Islington People’s Panel - the 2012 Budget

Chancellor George Osborne recently revealed the 2012 Budget. The much awaited announcement included the lowering of the controversial 50p tax rate to 45p, limits on who can get child benefits, and the so-called granny tax, which means some pensioners will now have to start paying into the public purse. Reporter Sam Richardson asked people on Upper Street, Islington, how the budget would affect them.

Phil Williams, 39, of Cross Street, Islington, a florist said: “The reduction in the 50p tax doesn’t affect me, however I think it’s politically naive. Even if it doesn’t generate a great deal of money, it’s totemic and the overall balance and the headline of the budget is taking from the poor to give to the rich. I think it’s all about tinkering round the edges, they did all the important stuff a couple of years ago – it’s a non budget, budget really. They should consider not having a budget.”

Kalla Sashidharan, 49, an accountant who lives in Islington Green, Islington, said: “In terms of pensions we are in a position where we are going to have to somehow find money for the future and it is a very, very difficult decision. From my career as an accountant I’m afraid I can kind of see why these tough decisions having to be made and people having to work longer years as well as contributing more.”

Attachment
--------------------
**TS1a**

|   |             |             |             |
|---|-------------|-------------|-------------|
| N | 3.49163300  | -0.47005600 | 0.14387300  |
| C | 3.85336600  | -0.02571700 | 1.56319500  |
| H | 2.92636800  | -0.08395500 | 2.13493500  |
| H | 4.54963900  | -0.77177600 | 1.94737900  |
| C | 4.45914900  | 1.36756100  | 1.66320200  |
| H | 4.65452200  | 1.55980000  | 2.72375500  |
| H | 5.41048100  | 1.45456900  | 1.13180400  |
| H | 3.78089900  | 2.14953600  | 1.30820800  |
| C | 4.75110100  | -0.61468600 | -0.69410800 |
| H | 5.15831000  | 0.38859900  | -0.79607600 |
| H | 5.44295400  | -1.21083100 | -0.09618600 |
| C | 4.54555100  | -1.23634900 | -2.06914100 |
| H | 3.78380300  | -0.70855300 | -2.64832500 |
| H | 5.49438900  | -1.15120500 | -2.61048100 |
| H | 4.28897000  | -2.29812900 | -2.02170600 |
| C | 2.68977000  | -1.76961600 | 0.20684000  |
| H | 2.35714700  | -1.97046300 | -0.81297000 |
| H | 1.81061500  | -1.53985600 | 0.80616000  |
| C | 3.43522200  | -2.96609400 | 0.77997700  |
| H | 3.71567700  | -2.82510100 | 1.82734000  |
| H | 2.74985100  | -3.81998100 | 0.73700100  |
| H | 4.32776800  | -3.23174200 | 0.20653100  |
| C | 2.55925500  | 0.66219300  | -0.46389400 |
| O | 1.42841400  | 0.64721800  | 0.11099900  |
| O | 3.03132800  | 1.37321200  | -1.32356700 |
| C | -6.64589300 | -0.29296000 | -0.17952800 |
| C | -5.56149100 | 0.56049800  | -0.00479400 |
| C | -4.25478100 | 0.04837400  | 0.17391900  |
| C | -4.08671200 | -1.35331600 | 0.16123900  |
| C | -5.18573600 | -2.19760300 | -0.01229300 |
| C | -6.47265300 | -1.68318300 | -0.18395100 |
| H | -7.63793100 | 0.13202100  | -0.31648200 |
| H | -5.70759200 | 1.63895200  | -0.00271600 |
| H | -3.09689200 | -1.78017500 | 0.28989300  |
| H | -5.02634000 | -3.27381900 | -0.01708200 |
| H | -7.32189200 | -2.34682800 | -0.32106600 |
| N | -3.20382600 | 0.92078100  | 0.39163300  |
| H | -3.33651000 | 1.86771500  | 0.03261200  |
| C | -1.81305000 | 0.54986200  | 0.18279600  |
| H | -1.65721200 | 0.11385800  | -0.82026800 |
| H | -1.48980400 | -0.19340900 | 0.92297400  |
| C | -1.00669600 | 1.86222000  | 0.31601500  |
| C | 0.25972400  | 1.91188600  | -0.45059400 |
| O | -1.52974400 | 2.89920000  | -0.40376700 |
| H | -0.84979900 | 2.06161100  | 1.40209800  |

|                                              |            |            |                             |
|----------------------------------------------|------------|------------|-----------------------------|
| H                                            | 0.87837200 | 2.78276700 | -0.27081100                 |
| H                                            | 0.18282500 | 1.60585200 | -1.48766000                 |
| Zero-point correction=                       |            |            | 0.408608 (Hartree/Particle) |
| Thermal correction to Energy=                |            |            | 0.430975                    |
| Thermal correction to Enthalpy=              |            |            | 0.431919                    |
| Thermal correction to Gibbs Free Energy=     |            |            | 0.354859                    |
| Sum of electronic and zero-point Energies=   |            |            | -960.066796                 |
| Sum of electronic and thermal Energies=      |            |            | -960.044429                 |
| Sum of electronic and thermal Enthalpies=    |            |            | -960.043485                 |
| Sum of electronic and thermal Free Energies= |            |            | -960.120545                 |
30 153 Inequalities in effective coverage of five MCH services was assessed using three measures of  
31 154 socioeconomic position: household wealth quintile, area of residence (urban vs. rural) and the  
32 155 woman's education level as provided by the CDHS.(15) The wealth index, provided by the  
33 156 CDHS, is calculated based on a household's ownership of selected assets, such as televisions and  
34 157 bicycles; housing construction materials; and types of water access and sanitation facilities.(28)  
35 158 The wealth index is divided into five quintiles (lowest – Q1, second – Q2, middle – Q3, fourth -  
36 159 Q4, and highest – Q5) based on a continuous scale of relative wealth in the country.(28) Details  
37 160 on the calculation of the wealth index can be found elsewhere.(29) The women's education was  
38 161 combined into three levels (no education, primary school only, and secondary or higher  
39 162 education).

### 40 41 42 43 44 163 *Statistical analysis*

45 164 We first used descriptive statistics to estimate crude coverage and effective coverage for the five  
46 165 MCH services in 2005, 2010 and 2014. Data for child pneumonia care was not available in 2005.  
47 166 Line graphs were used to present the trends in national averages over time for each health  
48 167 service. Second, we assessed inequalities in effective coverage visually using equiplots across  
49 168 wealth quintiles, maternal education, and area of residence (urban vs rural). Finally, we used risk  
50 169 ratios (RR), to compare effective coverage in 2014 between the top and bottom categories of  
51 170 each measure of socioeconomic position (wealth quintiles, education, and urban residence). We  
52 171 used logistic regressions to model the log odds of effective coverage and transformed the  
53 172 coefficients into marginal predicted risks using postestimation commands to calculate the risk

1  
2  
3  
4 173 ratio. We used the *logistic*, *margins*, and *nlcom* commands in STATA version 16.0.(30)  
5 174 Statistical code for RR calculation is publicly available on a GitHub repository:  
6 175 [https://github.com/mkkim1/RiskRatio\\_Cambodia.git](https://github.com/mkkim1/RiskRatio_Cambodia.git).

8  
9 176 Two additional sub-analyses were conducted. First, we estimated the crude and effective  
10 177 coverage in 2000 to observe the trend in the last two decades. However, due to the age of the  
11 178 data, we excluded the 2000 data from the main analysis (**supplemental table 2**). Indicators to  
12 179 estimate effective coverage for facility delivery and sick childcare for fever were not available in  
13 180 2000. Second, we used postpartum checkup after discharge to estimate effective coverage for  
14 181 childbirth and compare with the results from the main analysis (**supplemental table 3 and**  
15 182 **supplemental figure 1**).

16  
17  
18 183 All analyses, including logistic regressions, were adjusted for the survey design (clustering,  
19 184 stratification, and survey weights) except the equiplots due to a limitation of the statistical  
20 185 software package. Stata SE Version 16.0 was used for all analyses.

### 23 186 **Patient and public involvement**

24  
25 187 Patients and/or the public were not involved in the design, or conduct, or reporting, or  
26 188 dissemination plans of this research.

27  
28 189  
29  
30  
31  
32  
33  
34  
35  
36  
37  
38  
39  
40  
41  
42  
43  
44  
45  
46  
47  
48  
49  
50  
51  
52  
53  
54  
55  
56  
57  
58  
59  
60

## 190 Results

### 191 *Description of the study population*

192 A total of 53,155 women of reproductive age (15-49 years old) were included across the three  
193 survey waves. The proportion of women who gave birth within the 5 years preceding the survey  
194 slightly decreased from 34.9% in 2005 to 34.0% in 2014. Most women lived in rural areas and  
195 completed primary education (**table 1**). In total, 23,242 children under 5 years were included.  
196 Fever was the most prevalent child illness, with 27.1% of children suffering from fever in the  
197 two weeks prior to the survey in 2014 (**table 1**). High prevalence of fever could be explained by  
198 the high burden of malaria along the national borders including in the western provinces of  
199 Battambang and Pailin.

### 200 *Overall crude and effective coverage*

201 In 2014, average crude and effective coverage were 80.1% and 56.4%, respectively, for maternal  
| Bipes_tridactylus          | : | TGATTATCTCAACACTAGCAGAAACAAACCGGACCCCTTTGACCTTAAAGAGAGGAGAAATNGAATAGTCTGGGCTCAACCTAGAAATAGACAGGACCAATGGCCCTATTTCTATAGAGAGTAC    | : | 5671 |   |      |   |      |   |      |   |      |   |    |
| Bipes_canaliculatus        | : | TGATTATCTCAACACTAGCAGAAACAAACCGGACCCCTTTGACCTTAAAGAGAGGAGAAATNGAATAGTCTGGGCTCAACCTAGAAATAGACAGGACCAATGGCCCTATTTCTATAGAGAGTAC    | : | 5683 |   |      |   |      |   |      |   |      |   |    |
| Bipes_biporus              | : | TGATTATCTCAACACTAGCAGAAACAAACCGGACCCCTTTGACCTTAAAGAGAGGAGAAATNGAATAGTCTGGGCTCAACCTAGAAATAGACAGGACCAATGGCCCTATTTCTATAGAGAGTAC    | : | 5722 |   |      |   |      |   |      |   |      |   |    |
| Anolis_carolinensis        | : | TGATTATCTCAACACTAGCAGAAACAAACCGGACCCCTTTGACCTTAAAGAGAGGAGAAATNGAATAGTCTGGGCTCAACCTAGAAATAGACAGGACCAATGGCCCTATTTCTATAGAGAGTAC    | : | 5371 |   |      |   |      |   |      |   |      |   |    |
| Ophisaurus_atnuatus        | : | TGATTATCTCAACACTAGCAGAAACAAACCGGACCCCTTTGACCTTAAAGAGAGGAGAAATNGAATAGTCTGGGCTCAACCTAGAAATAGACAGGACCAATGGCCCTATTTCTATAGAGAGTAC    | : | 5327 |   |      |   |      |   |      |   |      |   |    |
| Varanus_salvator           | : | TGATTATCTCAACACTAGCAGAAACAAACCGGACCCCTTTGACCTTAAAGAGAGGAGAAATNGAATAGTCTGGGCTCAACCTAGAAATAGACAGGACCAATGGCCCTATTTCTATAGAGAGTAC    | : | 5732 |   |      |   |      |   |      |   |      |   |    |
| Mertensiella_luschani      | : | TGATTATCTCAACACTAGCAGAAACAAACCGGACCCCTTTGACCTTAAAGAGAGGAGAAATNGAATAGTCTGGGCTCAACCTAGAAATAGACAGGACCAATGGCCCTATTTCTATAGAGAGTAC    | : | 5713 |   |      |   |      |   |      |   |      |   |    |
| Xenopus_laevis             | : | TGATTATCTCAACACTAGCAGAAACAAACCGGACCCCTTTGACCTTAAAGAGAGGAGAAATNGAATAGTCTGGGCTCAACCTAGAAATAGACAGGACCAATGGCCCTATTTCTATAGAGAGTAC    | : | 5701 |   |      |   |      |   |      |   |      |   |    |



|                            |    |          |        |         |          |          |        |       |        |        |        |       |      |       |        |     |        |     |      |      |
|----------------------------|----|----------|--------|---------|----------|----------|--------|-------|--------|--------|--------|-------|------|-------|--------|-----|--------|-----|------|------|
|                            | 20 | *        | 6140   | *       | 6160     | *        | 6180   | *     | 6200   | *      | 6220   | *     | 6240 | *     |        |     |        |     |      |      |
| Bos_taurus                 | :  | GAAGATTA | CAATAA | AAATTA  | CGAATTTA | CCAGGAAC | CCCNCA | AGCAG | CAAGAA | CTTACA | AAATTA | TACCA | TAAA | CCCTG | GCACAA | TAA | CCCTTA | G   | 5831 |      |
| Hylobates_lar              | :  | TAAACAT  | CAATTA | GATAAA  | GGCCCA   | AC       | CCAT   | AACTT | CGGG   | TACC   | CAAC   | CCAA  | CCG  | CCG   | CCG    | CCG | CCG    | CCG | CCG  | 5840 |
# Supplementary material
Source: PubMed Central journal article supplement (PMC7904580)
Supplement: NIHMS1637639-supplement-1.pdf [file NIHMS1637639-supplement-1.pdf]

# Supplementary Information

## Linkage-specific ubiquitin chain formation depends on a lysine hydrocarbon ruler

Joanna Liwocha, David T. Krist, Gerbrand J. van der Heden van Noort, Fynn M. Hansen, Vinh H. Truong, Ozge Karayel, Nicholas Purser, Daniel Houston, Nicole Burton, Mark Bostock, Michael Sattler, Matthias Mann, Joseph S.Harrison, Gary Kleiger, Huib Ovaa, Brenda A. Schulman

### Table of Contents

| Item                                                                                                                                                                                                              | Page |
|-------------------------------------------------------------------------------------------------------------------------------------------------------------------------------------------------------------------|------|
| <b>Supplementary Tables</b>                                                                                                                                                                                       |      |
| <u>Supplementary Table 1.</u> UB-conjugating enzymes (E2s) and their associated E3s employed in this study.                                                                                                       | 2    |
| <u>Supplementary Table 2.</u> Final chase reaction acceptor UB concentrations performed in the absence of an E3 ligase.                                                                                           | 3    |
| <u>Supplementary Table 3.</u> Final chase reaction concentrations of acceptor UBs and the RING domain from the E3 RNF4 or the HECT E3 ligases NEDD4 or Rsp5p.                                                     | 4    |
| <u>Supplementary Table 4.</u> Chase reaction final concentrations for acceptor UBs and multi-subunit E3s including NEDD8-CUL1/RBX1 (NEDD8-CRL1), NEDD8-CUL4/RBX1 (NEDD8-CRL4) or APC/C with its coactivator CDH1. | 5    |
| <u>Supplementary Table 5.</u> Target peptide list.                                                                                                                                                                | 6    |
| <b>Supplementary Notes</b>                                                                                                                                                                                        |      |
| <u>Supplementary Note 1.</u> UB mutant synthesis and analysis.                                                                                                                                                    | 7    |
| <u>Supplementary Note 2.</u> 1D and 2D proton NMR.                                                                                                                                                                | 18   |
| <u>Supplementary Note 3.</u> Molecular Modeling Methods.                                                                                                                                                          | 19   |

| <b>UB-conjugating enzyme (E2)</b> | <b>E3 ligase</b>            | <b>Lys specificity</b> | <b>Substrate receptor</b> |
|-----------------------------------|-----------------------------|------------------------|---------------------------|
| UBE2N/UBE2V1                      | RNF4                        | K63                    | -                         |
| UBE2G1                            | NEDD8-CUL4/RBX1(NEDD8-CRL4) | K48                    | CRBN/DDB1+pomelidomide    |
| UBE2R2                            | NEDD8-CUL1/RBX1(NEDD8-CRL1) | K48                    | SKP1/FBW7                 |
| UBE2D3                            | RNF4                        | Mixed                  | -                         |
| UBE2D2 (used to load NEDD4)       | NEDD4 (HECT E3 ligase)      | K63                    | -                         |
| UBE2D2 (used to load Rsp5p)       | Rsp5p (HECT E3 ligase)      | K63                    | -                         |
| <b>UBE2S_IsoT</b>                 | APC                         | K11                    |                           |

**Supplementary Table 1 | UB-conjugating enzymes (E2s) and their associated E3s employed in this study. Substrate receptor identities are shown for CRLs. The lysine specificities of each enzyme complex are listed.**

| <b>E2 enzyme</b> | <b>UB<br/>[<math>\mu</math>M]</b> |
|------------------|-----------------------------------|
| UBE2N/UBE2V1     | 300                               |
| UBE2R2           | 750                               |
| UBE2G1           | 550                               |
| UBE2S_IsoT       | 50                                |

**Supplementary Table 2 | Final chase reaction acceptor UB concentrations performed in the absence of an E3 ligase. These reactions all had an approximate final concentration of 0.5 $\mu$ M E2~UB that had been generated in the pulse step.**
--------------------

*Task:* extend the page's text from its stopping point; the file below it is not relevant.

Imogen Erskine, 33, a PR officer and young parent said: “Obviously, as a five year government he had to make decisions that will put them in good stead for the next election, but I’m still finding it really difficult to see why the drop to the 45p tax that affects so few people has happened. I like the fact that the threshold for paying tax has gone up as that directly affects me and my husband because we have our own business, and we have to pay corporation tax, and it particularly helps me because I will be a low earner when I go back to work after the baby.”

Gillian Comins, 78, a pensioner, said: “It’s a good budget, the chancellor made good arguments. Taking so many people out of tax is a good thing, as it helps the lowest paid. I personally think it’s quite fair that elderly pensioners should pay a share as they have been shielded from the problems – we haven’t lost our free travel, we haven’t lost our TV licences, we haven’t lost our fuel allowance, and everybody else is having to make sacrifices.”

Andy Chakowa, 57, a pharmacist in Essex Road said: “In a way I agree with the increase in price of alcohol and tobacco, and in a way I don’t. I myself am a smoker and I’m thinking 37p on a packet of cigarettes is going to make me think seriously about giving up, I think that be an incentive for people to kick the habit.”

Graham Perkins, 67, a pensioner, said: “The effect’s going to be fairly marginal for me. The 50p issue is one where you get a conflict between people’s emotions, where everyone begrudges the fat-cats’ lifestyle and the reality of it where I guess there may be some truth in the fact that we don’t want to drive these people into tax exile as happened three or four decades ago, when everyone from wealthy business people to the Rolling Stones just upped and left the country and didn’t pay any tax anyway.”